Waiting for disunity

Paul Greenberg

October 24, 1990|By Paul Greenberg

AND SO it begins: "American Mothers. Would you sell your baby boy for one barrel of crude oil from the Arabian Desert? WE DO NOT WANT WAR!"

For now, that protest is buried back in the bunion ads of Little Rock's Arkansas Gazette. But this lone voice is the harbinger of many more if the uncertainty in the Persian Gulf continues, or if American troops get bogged down in a desert version of Vietnam.

Hecklers already have begun interrupting presidential speeches.

In Washington, demonstrators poured oil in front of the American dTC Petroleum Institute. ("Hell, no, we won't go; we won't fight for Texaco.") The line is already clear: This isn't a war to save a small country that has been overrun, or to contain an aggressor; it's a war for oil. Saddam Hussein would be the first to agree; he's already marked off Kuwait's Rumaila oil field for himself.

The Roman Catholic auxiliary bishop of Detroit, Thomas Gumbleton, speaks of "our responsibility to speak out and oppose the U.S. action. U.S. military intervention in the Persian Gulf is the latest example of this country's war against the poor worldwide, following a pattern established in 1947 of U.S. military intervention against poor countries in order to protect the United States's wealth." The Cold War may be over abroad, but not at home. Only in the West may the Stalinist line of 1947 still be solemnly repeated.

For now such excrescences are an oddity. But let war come and sacrifice be demanded. Then prepare for a new birth of ideology, of history revised, and aggression ignored. Newspeak will be reborn, if it was ever dead. Whoever noted that the first casualty of war is truth may have been listening to the protesters.

Let it be said for the presiding bishop of the Episcopal Church, the Most Reverend Edmond L. Browning, that he can recognize an act of aggression when he sees one. But that doesn't necessarily mean he would oppose it.

"It seems to me," says the bishop, "that in order to seek a peaceful solution, we should move our troops out of there and any military presence, if there is to be one, be United Nations troops." No need to go into detail, namely that the international force there now has the approval of the U.N. Does the bishop believe that the world can talk Saddam Hussein out of his conquest?

No wonder Saddam Hussein decided to absorb his oil-rich little neighbor. He remembers the Vietnam Syndrome and is counting on a replay: an initial show of unity and outrage followed by increasing division, uncertainty, negotiation and then defeat. The politicians already have begun to dither.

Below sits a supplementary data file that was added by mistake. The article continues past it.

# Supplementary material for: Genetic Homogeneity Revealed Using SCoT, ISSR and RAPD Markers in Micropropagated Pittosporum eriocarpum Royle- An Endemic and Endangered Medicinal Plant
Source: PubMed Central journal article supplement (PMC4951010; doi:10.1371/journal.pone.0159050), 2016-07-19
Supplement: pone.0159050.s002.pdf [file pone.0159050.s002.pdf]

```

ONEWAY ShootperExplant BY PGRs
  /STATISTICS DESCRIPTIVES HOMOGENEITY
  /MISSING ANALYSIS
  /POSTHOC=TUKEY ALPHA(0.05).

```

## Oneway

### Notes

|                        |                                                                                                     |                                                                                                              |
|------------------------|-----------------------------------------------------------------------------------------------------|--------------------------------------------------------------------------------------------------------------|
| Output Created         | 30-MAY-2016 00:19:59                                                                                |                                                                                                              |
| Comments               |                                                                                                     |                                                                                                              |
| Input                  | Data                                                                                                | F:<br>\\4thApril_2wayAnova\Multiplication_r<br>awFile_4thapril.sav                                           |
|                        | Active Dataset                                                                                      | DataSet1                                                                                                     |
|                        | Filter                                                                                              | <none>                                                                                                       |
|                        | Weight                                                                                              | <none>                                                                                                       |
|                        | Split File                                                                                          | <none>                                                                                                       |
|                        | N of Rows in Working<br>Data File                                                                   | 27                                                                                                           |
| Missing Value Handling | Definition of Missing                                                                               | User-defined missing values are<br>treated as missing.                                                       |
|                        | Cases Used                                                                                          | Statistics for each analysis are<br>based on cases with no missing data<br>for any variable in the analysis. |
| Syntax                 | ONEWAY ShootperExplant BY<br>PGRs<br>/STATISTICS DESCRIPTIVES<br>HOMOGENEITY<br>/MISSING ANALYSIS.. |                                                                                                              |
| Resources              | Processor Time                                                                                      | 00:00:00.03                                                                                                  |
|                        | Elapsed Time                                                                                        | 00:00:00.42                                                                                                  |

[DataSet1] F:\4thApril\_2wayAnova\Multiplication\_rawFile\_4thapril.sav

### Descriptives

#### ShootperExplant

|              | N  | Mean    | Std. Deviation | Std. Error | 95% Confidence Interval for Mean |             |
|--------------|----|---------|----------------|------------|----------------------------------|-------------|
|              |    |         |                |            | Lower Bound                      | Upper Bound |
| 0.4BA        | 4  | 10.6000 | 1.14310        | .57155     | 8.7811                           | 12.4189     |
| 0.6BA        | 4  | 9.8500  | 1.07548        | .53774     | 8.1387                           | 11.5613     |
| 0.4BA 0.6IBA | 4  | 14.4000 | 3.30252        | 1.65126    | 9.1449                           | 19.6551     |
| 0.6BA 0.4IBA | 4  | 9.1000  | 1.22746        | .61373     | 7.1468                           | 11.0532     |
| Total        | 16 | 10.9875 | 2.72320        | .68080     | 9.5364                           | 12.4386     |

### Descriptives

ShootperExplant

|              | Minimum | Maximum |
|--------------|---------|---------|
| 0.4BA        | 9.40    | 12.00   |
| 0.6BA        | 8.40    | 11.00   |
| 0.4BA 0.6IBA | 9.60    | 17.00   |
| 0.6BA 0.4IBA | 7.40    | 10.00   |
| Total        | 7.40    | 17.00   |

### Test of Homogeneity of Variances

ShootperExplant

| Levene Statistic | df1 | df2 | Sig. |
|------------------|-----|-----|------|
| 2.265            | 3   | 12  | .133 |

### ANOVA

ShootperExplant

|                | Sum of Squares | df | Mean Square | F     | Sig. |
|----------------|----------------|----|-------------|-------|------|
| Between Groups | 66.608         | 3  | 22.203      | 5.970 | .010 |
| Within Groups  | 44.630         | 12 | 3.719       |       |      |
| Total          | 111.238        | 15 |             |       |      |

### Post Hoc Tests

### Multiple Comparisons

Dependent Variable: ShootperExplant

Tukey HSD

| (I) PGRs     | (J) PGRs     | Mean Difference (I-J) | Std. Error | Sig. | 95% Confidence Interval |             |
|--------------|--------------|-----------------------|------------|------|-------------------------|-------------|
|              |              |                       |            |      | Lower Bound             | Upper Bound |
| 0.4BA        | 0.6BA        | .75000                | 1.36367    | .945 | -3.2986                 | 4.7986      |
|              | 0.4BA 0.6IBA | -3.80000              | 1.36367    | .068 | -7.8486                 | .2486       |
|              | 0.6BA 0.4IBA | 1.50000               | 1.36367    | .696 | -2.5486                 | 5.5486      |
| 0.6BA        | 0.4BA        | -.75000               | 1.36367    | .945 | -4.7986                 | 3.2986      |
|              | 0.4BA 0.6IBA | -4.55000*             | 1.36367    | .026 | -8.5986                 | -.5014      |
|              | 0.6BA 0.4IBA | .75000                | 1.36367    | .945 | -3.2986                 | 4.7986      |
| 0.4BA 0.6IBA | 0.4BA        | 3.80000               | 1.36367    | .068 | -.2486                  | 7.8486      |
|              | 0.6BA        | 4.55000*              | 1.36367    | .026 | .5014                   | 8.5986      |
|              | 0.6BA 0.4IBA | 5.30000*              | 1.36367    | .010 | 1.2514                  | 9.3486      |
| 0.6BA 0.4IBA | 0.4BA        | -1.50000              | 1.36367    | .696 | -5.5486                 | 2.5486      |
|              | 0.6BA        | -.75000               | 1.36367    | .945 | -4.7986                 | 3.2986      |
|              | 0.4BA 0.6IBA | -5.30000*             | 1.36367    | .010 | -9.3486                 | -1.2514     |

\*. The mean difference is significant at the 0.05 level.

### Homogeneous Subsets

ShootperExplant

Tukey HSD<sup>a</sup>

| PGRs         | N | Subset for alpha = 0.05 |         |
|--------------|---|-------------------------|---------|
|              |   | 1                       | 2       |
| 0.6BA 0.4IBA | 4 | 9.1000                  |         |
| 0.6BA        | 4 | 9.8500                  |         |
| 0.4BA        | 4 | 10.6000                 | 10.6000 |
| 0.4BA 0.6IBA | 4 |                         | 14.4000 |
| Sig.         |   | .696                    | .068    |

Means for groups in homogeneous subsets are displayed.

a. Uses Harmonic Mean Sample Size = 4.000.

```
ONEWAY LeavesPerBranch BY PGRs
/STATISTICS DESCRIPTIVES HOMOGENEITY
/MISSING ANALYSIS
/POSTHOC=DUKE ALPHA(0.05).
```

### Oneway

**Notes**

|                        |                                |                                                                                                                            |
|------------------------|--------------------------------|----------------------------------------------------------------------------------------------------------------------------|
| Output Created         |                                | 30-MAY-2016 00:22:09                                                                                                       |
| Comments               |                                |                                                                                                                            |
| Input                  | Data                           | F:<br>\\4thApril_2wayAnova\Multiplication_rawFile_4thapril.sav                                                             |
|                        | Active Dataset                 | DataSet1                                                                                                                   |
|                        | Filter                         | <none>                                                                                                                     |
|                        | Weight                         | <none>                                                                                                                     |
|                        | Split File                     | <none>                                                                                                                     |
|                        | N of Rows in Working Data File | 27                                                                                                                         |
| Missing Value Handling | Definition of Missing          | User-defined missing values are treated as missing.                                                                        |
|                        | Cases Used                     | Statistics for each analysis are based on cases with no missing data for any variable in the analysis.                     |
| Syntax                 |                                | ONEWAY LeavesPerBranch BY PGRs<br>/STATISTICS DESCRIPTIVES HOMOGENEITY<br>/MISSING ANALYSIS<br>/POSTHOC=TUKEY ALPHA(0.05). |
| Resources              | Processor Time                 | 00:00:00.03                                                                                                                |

In Washington, Sen. Joseph Biden of Delaware proposes a joint congressional committee for "deliberations" with the president over war or peace. Not since 1861, when Republican Radicals formed the Joint Committee on the Conduct of the War to "help" Abraham Lincoln, has the executive branch received so attractive an offer.

The first principle of military organization -- unity of command -- could then give way to a Committee of 18. It sounds like just what America needs right now: war or peace by committee. Or, more probably, neither war nor peace -- as anyone who knows how committees operate could predict. Instead, the country would probably get some mushy resolution designed to please everyone. Its interpretation could then fuel endless arguments and assure a divided front against aggression. Just like the Tonkin Resolution during the Vietnam War.

Sen. Biden already has proposed a joint congressional resolution that would give the commander-in-chief various powers -- for example, to strike back if Iraq attacks American troops or endangers American citizens. The major effect of such a resolution is to imply that the president doesn't have such powers already and thus undermine his constitutional authority.

The best thing Congress could do now is declare war on Iraq and get out of the way. Then the president would have a free hand and Saddam Hussein wouldn't know what to expect. Or when. Or if. The element of surprise, like the unity of command, would be preserved. But no course so sensible is likely to appeal to the artful dodgers and expert equivocators on the Senate Foreign Relations Committee. They have just begun to quibble.

Here and there, now only on the edges of the news, come familiar little sounds. They are the first cracks in the national unity.

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